Langston is located in southern Jackson County in the extreme northeastern corner of the state. It has a mayor/city council form of government.


Buck’s Pocket Waterfall Prior to the arrival of white settlers, the Creeks and Cherokees controlled the area that now encompasses Langston. In 1810, white settlers established a small township that would eventually be called Coffeetown, named after the Coffee brothers who settled in the area. The town’s first post office was established in 1845, and its first postmaster was Langston Coffee. Coffeetown did not survive, reportedly because many of its residents moved to Texas in 1869. That same year, James Morgan sold 15 acres as town lots, and in 1870 this area became known as Langston after Langston Coffee. By the end of the nineteenth century, the town’s proximity to the Tennessee River spurred its economy as river transportation increased in the area. The town had expanded to include four physicians, a blacksmith shop, nine stores, and a school. The introduction of railroads and the growing number of automobiles on the new modern roads, however, led to the demise of river transportation, ultimately dooming the local economy. When the Tennessee River was dammed in 1938 to form Lake Guntersville, a portion of the town was permanently flooded, which further depleted both its population and its economy.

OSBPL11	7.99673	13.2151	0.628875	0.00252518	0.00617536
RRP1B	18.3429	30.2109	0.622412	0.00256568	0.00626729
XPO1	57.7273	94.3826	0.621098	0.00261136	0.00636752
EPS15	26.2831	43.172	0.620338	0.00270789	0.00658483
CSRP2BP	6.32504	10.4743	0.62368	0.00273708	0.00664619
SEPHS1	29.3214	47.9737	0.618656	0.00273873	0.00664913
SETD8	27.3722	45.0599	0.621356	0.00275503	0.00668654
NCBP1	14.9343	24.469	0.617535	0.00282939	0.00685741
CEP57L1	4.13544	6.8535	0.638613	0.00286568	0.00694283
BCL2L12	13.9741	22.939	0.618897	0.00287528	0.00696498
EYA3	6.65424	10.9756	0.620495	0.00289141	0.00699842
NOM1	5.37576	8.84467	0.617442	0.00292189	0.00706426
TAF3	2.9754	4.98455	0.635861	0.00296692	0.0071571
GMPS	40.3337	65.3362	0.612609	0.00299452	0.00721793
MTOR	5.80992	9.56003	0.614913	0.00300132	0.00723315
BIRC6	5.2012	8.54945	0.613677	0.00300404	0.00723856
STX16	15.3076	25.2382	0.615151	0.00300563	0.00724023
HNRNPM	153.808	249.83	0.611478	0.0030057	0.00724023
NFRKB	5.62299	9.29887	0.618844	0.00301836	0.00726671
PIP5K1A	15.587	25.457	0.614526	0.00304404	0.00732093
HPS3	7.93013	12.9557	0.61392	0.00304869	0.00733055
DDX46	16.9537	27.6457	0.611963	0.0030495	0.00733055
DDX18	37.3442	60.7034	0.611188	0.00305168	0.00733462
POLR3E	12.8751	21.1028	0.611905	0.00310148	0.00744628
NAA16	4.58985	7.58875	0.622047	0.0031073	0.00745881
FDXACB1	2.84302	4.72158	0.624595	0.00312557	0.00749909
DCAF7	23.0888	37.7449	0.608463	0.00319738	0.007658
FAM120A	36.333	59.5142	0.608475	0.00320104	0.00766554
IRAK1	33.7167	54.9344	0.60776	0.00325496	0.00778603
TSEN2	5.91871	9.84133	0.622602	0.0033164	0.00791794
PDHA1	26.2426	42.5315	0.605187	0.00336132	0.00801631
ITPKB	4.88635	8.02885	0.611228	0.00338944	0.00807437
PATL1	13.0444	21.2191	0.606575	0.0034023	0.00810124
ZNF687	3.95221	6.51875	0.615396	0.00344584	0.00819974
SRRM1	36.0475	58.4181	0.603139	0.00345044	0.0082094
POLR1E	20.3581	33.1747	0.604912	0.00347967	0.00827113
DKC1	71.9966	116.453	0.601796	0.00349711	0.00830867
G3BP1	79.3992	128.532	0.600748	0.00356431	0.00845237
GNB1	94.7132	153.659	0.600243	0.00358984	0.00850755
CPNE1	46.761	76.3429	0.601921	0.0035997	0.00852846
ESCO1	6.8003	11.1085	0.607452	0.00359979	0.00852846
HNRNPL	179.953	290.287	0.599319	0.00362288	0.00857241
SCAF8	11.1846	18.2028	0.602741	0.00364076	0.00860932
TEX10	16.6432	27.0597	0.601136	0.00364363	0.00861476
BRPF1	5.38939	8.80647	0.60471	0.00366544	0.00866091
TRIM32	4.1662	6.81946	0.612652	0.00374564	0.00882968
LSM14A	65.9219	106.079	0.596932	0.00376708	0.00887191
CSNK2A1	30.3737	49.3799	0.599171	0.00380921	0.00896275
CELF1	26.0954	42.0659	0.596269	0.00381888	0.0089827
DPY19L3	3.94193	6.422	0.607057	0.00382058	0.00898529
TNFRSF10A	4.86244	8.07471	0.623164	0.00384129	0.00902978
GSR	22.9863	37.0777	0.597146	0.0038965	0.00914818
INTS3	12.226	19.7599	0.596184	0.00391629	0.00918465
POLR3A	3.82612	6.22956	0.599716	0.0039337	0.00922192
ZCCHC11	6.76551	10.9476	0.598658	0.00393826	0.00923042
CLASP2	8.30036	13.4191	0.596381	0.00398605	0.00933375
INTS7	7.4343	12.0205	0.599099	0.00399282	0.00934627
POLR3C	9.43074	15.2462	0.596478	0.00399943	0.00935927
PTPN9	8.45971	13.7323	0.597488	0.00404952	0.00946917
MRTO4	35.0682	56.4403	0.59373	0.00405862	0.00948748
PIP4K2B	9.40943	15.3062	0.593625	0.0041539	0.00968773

According to 2020 Census estimates, Langston recorded a population of 211. Of that number, 97.2 percent of respondents identified themselves as white, 5.7 percent as Hispanic, 1.4 percent as African American, and 1.4 percent as two or more races. The town’s median household income was $51,667, and the per capita income was $42,359.


According to 2020 Census estimates, the workforce in Langston was divided among the following industrial categories:

  • Educational services, and health care and social assistance (31.7 percent)
  • Wholesale trade (15.0 percent)
  • Arts, entertainment, and recreation, and accommodation and food services (10.0 percent)
  • Manufacturing (10.0 percent)
  • Public administration (8.3 percent)
  • Transportation and warehousing and utilities (8.3 percent)
  • Construction (6.7 percent)
  • Retail trade (5.0 percent)
  • Professional, scientific, management, and administrative and waste management services (3.3 percent)
  • Finance, insurance, and real estate, rental, and leasing (1.7 percent)


Students in Langston attend Jackson County schools; no public schools are located within the town limits.


County Highway 67 bisects Langston running northeast-southwest.

Events and Places of Interest

Langston is located on Lake Guntersville, which offers a full range of water-sport activities such as fishing, boating, and swimming. Buck’s Pocket State Park is located less than two miles southeast of town, and Lake Guntersville State Park is about five miles southwest of Langston. The Captain Jackson-Bottomlee House (ca. 1885) is listed on the Alabama Register of Landmarks and Heritage.

Additional Resources

Jackson County Heritage Book Committee. The Heritage of Jackson County, Alabama. Clanton, Ala.: Heritage Publishing Consultants, 1998.

Kennamer, John Robert, Sr. History of Jackson County, Alabama. 1935. Reprint, Scottsboro, Ala.: Jackson County Historical Association, 1993.

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